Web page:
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Progressive movements conference calls for unity to confront contemporary crises

Emerging social justice movements represent a collective response to compounding crises. The challenge is bringing all of these movements together and maintaining unity among diverse groups working on what are seen as separate issues.

Boston — “We have been drawn together by a sense that there is danger in the air,” Rev. Karlene Griffiths Sekou remarked in the opening of her afternoon keynote address Saturday, November 17. She addressed an audience of more than 100 gathered at Simmons University for a progressive organizing event titled “The Next Two Years and Beyond: A Movement Building Conference.” The conference, sponsored by Massachusetts Peace Action and other progressive organizations, covered a range of critical issues currently facing the country and the world, and explored the intersections of contemporary social movements.

Speakers and participants spent the day discussing and strategizing, connecting and communicating. The overall conversation featured three main threads: reflecting on the recent midterm elections; recognizing how historical struggles and forces have led to the crises we face today; and understanding the interconnectedness of various issues and the need for an intersectional movement that unites progressive fights for economic, environmental and social justice.

John Nichols, national affairs correspondent with the Nation, delivered the opening keynote, speaking to the current political landscape and highlighting notable progressive victories from the November 6 election. While significant obstacles remain—Nichols pointed to voter suppression, mainstream media that covers elections like a sporting event, and a Democratic Party that operates in a centrist, managerial mode—the midterms demonstrated the potential for transformative change. Nichols discussed several examples: Democrats retaking the House to restore a constitutional check on Trump’s abuse of power; the three states that narrowly went for Trump in 2016, Pennsylvania, Wisconsin and Michigan, seeing Democrats win key races for senators and governors; and the election of young, diverse and progressive people to Congress like Alexandria Ocasio-Cortez, Rashida Tlaib, Ilhan Omar and Ayanna Pressley.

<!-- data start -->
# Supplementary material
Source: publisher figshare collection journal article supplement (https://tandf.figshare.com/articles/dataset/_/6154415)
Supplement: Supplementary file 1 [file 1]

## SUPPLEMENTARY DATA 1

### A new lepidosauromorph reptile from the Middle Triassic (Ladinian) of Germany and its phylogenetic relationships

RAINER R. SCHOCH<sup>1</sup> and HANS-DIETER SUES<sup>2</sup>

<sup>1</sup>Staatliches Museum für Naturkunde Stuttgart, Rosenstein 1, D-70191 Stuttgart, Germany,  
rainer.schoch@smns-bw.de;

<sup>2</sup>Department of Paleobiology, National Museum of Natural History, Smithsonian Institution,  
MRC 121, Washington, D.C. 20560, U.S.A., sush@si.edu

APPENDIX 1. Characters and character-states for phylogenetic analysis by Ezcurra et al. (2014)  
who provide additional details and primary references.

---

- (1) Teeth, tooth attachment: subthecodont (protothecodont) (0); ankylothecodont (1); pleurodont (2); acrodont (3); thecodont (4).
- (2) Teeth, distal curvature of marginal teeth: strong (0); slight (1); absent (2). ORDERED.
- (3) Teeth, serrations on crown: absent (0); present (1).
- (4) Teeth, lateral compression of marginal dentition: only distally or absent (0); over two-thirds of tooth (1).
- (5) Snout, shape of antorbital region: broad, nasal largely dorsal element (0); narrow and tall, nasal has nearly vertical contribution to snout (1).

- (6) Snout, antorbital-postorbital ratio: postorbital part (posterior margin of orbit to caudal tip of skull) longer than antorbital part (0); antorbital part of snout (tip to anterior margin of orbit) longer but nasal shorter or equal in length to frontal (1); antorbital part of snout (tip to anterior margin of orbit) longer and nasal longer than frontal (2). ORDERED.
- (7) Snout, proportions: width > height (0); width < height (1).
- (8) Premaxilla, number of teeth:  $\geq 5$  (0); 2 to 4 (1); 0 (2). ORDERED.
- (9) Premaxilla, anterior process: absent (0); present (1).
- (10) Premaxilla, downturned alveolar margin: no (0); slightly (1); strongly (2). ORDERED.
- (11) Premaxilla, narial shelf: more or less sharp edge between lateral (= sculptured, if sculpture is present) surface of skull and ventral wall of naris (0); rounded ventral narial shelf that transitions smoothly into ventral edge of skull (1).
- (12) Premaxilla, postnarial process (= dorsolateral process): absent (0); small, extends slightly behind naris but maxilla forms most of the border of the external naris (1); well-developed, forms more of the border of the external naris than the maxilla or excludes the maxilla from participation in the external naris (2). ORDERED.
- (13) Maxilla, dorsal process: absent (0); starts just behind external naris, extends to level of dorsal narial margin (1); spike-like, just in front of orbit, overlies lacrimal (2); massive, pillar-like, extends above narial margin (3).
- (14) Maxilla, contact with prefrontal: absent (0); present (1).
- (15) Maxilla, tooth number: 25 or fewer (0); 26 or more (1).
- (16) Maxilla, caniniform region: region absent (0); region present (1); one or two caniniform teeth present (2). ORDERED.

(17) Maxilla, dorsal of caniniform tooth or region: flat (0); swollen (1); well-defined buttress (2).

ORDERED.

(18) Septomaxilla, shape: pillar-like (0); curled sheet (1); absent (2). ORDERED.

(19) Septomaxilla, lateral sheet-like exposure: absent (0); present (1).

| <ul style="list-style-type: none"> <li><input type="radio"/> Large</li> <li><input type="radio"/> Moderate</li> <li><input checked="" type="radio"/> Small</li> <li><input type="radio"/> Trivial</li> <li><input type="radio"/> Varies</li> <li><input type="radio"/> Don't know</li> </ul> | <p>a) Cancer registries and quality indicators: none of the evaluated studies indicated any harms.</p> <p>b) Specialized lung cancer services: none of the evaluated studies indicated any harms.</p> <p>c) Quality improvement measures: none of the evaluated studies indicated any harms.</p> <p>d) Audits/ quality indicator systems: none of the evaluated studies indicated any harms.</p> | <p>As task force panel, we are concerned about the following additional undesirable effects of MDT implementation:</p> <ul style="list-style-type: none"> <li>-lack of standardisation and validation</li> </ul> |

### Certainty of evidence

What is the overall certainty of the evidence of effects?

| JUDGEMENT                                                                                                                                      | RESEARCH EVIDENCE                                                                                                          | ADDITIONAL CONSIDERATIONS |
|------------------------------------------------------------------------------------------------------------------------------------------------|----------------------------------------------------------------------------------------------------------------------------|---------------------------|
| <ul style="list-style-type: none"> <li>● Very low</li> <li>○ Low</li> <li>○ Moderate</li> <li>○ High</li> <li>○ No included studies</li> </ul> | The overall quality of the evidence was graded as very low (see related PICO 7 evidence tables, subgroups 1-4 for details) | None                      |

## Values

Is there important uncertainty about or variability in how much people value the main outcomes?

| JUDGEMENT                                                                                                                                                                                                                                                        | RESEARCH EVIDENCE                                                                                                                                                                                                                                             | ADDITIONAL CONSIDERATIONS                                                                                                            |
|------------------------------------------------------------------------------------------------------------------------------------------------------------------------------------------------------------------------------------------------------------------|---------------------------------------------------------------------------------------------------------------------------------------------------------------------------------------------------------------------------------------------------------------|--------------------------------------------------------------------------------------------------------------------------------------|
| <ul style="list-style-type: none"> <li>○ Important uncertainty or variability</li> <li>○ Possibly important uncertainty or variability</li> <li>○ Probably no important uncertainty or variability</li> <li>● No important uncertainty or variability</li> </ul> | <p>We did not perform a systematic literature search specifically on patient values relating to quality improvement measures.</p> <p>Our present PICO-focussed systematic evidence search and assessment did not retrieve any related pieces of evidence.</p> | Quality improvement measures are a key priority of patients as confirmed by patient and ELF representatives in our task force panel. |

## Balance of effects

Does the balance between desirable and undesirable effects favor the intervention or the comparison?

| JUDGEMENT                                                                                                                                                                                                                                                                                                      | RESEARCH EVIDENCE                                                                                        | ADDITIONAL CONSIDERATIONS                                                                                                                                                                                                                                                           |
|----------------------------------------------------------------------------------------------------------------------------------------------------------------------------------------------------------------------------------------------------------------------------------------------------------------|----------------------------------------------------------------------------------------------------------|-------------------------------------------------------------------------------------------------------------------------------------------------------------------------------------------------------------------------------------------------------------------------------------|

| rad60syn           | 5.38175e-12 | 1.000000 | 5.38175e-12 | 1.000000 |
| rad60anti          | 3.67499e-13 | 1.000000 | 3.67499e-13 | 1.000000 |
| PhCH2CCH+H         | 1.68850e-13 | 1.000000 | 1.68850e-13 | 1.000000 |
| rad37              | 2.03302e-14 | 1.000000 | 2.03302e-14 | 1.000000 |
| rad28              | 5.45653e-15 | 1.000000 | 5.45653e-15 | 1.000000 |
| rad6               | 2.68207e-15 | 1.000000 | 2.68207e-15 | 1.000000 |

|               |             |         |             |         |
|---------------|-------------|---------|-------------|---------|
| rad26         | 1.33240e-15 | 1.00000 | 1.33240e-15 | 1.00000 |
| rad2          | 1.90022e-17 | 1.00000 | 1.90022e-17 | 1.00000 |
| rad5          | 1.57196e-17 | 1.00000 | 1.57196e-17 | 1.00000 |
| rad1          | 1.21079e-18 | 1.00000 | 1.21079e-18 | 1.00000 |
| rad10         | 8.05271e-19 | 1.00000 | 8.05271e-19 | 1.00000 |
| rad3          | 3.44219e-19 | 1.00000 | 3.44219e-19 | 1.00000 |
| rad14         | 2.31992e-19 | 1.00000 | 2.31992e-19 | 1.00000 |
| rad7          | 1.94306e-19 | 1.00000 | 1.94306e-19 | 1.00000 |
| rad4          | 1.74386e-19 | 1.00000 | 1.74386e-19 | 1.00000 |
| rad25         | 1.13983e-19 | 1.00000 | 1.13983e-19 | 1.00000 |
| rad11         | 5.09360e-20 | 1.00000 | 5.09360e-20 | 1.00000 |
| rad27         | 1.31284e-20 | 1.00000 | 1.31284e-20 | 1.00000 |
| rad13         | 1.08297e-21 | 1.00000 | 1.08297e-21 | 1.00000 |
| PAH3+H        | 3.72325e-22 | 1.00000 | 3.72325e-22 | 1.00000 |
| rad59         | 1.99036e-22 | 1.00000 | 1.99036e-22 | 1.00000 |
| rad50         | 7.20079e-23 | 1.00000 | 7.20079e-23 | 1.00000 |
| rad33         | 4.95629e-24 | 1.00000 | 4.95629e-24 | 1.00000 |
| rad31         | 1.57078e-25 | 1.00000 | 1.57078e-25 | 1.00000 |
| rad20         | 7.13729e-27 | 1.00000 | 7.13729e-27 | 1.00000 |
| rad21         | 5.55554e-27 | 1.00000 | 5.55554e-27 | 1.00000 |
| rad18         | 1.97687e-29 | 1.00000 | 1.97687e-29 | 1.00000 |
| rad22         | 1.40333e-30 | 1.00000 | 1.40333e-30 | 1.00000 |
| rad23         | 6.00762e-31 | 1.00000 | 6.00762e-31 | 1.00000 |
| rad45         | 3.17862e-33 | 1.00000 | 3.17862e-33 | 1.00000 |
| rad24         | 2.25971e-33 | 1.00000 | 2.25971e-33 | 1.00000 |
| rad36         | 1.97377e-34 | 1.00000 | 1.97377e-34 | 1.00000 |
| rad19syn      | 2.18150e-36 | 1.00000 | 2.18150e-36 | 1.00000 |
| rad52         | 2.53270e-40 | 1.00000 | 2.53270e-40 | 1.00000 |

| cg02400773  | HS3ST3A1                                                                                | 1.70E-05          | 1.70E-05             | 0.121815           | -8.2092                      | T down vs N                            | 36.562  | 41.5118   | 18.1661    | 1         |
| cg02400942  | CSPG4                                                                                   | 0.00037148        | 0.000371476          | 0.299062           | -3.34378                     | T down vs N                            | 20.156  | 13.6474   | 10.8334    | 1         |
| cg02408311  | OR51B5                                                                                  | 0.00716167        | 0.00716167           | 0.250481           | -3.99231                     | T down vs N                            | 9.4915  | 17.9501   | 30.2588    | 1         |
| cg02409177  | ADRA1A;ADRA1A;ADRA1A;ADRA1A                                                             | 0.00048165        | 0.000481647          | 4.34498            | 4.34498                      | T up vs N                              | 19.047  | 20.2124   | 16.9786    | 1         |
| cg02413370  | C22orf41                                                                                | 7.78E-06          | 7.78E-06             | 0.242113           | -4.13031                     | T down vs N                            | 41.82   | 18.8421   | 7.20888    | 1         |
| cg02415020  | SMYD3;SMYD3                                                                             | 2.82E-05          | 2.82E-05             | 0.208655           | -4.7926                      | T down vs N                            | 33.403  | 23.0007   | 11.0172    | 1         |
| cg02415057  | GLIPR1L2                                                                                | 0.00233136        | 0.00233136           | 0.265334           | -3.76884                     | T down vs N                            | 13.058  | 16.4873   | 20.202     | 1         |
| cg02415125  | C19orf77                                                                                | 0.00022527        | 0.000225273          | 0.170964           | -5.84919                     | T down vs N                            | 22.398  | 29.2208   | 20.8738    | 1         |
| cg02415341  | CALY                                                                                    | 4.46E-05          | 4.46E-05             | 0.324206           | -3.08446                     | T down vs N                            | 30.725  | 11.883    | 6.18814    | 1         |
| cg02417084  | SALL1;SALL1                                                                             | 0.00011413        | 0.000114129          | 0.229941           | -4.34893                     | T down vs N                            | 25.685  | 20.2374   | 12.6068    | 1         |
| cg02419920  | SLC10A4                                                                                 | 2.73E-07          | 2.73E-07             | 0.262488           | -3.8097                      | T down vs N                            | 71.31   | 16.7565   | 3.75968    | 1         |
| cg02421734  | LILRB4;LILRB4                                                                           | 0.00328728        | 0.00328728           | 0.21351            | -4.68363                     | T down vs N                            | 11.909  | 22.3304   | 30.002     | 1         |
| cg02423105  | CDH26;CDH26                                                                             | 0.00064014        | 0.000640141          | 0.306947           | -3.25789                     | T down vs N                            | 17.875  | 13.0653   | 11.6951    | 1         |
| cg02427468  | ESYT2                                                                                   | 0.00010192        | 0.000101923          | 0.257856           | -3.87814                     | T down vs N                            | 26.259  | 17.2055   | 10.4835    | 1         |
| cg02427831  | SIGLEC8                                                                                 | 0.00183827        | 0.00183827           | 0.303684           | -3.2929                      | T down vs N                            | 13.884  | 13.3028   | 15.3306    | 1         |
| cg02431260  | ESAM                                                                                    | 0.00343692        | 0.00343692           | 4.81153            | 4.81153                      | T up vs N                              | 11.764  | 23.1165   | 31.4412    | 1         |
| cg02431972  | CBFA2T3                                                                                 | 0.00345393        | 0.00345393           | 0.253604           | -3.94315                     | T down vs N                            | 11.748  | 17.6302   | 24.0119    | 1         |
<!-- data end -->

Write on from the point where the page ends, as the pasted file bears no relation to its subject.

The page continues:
“I am so excited for the transformation that is coming. This is just the beginning,” Nichols said.

At the state level in Massachusetts, one of these progressive, anti-status quo candidates was just elected to represent the Boston area 15th district in Suffolk and Norfolk counties. Representative-elect Nika Elugardo addressed the conference from a historical perspective. She said the broader structural conception of the slavery era still exists, comparing modern-day workers to slaves and servants of the past, both subordinates who are beholden to a master. “The plantations of our history are the corporations of today,” she said.

Other speakers referenced the nation’s roots in colonialism and racism. Carl Williams, a movement lawyer currently teaching at Cornell Law School, said that the U.S. Constitution is filled with language that speaks to the concepts of domination, racism and slavery. “At its essence, the founding document of this country is white supremacist,” he said. “Racism, xenophobia and nationalism are a part of the constitution of this country,” added Griffiths Sekou, who organizes with Black Lives Matter Boston and is an international public speaker and public theologian. She noted that racial injustice and white supremacy still exist today, exemplified by realities like the school-to-prison pipeline and hyper-policing in predominately black neighborhoods.

Given the continuation of historical systems of oppression, and with modern forms of militarism and authoritarianism on the rise, emerging social justice movements like the women’s marches, March for Our Lives, Fight for $15, Black Lives Matter and the People’s Climate Movement represent a collective response to compounding crises. The challenge, as this conference identified, is bringing all of these movements together and maintaining unity among diverse groups working on what are seen as separate issues.

“All the words we hear about our movements are true. We need to break down the barriers and silos and be more intersectional,” said Phyllis Bennis, director of the New Internationalism Project at the Institute for Policy Studies. Several other speakers pointed to the importance of “showing up for others” and uniting across movements.

“In this fight that we’re up against, we need all hands on deck,” said Griffiths Sekou.

And with everything on the line, from human rights to the sustainability of life on Earth, the importance of the fight cannot be understated, as Williams alluded to.

“All we have to do is double down, know that we can win and fight like hell,” Sekou added.


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